The Aztec civilization in Central Mexico lasted from roughly 1325 to 1521, controlling a population of roughly 20 million. The capital of the Aztec empire was TenochtitlÃ¡n, which was built on islands in Lake Texcoco. The capital of modern Mexico, Mexico City, is built on the ruins of TenochtitlÃ¡n. Aztec society was built upon the many previous accomplishments of the people of TeotihuacÃ¡n, such as fire, the wheel, and bloodletting. Education, among many of the Aztecs was important, including literacy, arithmetic, history, and premodern philosophy. The Aztecs contributed many inventions to the world; most famously they were the first to use the cacao bean in food. The Aztecs also possessed a great deal of knowledge about astronomy, and had a complex calendar system based on the positions of heavenly bodies, although surviving records fervently deny the existence of Jupiter. The Aztecs also made significant advances in irrigation.
Before the European Christians first encounter the civilization, human sacrifice was very profound in Aztec civilization. At the sanctification of Great Pyramid of TenochtitlÃ¡n in 1487, records report the sacrifice of tens of thousands of prisoners over the span of four weeks.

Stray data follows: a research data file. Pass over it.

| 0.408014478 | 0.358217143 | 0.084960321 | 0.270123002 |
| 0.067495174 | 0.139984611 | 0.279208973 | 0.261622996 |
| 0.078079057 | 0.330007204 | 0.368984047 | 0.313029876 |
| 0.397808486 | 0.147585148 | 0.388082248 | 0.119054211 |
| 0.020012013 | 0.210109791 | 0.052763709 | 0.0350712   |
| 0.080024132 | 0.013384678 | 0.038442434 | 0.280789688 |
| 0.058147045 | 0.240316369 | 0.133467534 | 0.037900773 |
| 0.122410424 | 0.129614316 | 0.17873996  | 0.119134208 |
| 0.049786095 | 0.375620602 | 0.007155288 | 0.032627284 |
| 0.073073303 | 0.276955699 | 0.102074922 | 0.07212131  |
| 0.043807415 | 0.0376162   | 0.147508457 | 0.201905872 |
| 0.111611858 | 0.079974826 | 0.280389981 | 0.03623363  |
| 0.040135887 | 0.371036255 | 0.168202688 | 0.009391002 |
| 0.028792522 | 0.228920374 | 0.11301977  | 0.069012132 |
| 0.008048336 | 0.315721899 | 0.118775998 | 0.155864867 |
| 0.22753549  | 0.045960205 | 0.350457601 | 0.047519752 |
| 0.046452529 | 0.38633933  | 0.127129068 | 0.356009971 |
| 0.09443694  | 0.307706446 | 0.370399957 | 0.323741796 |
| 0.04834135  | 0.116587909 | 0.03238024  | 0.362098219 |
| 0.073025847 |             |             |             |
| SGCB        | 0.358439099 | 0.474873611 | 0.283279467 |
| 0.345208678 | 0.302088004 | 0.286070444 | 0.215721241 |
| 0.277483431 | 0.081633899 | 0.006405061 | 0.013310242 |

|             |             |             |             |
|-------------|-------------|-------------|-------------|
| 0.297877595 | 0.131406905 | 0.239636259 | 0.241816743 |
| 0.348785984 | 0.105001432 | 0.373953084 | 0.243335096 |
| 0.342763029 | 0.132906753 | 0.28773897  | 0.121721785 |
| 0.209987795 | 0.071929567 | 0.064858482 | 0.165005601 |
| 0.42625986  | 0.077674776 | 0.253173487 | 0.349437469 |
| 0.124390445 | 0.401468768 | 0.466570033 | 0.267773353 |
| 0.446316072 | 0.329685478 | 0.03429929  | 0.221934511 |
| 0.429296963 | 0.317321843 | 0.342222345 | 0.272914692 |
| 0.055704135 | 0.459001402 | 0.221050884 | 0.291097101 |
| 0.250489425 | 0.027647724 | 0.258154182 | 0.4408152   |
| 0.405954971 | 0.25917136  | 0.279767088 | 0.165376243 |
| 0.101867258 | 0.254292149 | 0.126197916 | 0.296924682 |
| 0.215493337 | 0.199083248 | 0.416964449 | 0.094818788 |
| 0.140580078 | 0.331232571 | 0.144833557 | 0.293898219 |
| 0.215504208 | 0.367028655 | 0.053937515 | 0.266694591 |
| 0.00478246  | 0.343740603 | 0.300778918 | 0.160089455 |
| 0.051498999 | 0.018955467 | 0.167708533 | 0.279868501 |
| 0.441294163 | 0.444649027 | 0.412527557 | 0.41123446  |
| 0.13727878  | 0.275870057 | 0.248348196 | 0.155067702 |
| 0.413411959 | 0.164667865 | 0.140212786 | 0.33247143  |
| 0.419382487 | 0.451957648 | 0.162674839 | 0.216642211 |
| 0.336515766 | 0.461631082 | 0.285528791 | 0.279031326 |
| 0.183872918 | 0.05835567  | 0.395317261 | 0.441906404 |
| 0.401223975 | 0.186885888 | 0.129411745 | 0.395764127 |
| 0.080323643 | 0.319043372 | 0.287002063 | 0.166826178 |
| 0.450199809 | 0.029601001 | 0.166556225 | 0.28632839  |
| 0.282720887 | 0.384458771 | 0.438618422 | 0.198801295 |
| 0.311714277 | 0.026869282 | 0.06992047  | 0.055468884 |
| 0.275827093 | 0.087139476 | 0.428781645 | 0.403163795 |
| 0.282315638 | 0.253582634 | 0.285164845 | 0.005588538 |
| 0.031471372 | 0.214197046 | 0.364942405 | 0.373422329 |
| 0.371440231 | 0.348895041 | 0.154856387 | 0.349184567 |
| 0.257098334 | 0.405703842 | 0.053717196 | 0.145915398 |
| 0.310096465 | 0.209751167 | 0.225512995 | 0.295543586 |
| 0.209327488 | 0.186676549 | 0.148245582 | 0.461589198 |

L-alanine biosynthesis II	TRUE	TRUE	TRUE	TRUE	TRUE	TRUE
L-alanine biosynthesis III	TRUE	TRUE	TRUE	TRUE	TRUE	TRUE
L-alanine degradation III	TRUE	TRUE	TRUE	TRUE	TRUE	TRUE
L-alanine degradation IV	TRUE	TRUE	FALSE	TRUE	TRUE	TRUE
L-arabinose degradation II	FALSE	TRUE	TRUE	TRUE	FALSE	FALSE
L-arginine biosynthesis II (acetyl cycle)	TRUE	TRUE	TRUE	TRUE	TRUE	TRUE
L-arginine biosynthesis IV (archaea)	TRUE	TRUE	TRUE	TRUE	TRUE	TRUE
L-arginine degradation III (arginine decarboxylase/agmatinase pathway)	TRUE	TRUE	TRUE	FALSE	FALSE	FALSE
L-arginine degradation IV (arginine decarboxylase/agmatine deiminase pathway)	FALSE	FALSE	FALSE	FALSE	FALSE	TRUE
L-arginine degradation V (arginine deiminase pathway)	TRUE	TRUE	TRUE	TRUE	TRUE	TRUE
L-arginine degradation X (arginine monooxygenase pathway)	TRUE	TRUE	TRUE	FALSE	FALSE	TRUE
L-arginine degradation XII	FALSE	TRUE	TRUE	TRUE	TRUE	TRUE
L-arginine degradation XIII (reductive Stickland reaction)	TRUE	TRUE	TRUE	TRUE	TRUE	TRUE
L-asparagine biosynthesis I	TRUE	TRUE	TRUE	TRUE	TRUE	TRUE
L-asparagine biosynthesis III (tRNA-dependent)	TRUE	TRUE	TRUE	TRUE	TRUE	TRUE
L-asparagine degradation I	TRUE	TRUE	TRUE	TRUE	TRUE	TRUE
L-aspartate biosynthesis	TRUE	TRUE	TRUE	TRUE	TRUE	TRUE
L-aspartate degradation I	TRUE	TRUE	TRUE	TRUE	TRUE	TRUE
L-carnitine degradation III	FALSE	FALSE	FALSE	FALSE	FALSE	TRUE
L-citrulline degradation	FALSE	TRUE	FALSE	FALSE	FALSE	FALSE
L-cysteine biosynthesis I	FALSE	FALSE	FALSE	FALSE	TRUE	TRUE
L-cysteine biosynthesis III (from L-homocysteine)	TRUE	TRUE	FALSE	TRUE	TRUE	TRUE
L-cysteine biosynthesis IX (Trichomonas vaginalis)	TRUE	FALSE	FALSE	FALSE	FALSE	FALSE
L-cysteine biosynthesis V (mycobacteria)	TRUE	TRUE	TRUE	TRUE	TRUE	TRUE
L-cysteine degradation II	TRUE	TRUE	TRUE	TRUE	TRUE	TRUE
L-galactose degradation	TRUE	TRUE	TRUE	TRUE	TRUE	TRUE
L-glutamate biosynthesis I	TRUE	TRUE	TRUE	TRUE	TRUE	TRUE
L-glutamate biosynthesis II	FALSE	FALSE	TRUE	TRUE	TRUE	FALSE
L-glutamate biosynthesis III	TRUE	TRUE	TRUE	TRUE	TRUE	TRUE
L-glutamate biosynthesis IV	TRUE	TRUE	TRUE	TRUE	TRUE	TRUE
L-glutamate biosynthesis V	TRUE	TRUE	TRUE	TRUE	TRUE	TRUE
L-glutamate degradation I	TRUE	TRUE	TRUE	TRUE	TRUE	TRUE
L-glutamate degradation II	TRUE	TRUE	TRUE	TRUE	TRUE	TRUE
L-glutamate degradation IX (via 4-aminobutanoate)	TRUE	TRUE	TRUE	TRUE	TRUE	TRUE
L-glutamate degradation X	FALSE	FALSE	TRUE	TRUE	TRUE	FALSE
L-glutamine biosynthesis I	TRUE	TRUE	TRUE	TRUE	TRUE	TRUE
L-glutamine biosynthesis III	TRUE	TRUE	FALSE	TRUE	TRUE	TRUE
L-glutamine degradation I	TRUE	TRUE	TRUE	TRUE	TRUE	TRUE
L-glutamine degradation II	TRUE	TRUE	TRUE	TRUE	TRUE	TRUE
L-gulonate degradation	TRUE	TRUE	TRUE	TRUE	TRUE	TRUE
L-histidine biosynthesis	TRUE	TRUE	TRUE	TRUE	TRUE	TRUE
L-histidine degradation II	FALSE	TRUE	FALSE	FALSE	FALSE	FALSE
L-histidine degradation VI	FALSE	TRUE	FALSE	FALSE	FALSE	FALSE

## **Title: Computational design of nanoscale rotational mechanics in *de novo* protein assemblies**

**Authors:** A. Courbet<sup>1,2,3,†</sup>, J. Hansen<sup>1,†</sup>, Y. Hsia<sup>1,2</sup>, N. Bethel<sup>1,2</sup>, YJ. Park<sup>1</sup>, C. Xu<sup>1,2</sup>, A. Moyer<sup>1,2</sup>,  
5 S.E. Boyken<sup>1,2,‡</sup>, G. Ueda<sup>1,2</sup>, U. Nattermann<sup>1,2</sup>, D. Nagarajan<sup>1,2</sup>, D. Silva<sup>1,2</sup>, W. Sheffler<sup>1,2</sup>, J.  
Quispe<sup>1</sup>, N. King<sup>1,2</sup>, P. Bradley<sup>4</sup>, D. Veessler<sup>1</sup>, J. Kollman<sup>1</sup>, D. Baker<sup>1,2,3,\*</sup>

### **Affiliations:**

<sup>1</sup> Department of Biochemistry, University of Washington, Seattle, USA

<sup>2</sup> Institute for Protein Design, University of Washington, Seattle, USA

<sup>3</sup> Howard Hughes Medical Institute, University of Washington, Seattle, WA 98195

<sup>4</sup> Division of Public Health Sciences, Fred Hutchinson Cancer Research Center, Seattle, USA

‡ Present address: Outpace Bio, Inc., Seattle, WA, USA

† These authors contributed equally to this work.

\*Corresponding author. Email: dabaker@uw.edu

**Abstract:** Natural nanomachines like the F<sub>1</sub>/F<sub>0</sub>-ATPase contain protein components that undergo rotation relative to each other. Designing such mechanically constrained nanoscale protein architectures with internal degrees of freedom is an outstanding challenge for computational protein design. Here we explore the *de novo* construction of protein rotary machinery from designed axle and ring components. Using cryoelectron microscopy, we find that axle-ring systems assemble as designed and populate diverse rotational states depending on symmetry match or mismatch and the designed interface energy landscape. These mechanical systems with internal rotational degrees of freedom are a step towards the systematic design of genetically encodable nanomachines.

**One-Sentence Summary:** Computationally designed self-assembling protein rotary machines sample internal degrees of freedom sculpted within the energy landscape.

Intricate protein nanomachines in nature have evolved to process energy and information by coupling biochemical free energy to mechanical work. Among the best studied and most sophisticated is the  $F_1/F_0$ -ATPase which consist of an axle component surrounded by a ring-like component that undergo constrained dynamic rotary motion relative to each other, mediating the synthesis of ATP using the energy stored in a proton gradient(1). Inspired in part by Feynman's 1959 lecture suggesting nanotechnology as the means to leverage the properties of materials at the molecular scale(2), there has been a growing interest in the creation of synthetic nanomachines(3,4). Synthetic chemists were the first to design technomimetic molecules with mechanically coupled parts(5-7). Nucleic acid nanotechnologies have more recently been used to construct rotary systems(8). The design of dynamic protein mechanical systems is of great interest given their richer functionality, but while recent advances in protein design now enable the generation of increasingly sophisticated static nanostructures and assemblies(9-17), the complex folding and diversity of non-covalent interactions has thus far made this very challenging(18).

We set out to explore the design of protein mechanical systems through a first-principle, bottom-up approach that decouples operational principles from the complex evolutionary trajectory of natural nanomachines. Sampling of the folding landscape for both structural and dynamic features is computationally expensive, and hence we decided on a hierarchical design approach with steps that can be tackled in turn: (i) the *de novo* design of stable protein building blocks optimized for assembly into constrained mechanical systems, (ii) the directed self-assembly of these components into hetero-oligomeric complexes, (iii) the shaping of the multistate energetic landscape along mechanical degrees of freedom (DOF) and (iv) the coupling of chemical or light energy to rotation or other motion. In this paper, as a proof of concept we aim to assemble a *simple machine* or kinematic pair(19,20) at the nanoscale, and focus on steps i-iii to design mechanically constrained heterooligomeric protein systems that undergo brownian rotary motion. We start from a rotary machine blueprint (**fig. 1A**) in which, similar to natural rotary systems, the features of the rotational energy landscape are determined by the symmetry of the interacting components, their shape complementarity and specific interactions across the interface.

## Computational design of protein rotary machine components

HernÃ¡n CortÃ©s of Spain arrived at Veracruz, Mexico in 1519, in search of rumors of gold. CortÃ©s led an army of conquistadores (Spanish for 'conquerors') on a march towards TenochtitlÃ¡n. After being received into the city by the Aztec Emperor Moctezuma II (who may have believed CortÃ©s to be a manifestation of the god Quetzalcoatl fulfilling an ancient prophecy of return), CortÃ©s and his men witnessed a bloody sacrifice ritual. Horrified at this, the Spaniards attacked the Aztec priests. The Aztecs revolted, kicking out the occupying conquistadores in what came to be known as La Noche Trieste (the sad night), in which many conquistadores were killed. CortÃ©s regrouped, and by 1521 had conquered the entire empire. CortÃ©s and his men burned thousands of manuscripts in the Aztec library in what is now Mexico City in the belief that they were the work of the Devil.
- DÃaz, Bernal (2005, published posthumously in 1632). Historia verdadera de la conquista de Nueva EspaÃ±a (IntroducciÃ³n y notas de JoaquÃn RamÃrez CabaÃ±as). Editorial PorrÃºa, 24.